verb (used with object), vac·ci·nat·ed, vac·ci·nat·ing.
verb (used without object), vac·ci·nat·ed, vac·ci·nat·ing.
Origin of vaccinate
Examples from the Web for vaccinate
From a pediatric ICU in Melbourne, Australia, to an elevator in Brooklyn, we see just how harmful refusing to vaccinate can be.Hey Anti-Vaxxers, Watch NOVA: Vaccines--Calling the Shots|Russell Saunders|September 11, 2014|DAILY BEAST
One look at those numbers is all it takes to realize how absurd the decision not to vaccinate is.
The parents who refused to vaccinate their kids are the reason behind the measles resurrecting themselves in New York.
Refusing to vaccinate your children means you are contributing to a worsening public health crisis.Thanks, Anti-Vaxxers. You Just Brought Back Measles in NYC.|Russell Saunders|March 13, 2014|DAILY BEAST
And then this: I always ask if the children are vaccinated, or if the parents intend to vaccinate once the child is born.Pediatrician: Vaccinate Your Kids—Or Get Out of My Office|Russell Saunders|January 30, 2014|DAILY BEAST
Dr Earle ought to vaccinate me, but I am afraid to speak to him.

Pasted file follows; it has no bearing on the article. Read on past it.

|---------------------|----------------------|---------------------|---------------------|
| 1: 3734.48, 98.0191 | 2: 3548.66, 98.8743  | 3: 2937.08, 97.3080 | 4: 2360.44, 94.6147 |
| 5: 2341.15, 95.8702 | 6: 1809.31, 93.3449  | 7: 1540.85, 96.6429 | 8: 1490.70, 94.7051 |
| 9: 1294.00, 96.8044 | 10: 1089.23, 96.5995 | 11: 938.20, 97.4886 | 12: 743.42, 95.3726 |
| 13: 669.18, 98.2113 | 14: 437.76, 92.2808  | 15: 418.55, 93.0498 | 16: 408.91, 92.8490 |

It is wise to vaccinate babies before the teething period—from the third to the sixth month.The Mother and Her Child|William S. Sadler
Polly told me that yesterday she tried to vaccinate the cat, with a mixture of ground chalk and vinegar!The Wide Awake Girls in Winsted|Katharine Ellis Barrett
If I can only see the doctor by himself, she thought, and get him to vaccinate me and say nothing about it.
The age and other circumstances under which it is best to vaccinate children constitute a point for practical consideration.
British Dictionary definitions for vaccinate
Word Origin and History for vaccinate
1803, back-formation from vaccination. Related: Vaccinated; vaccinating.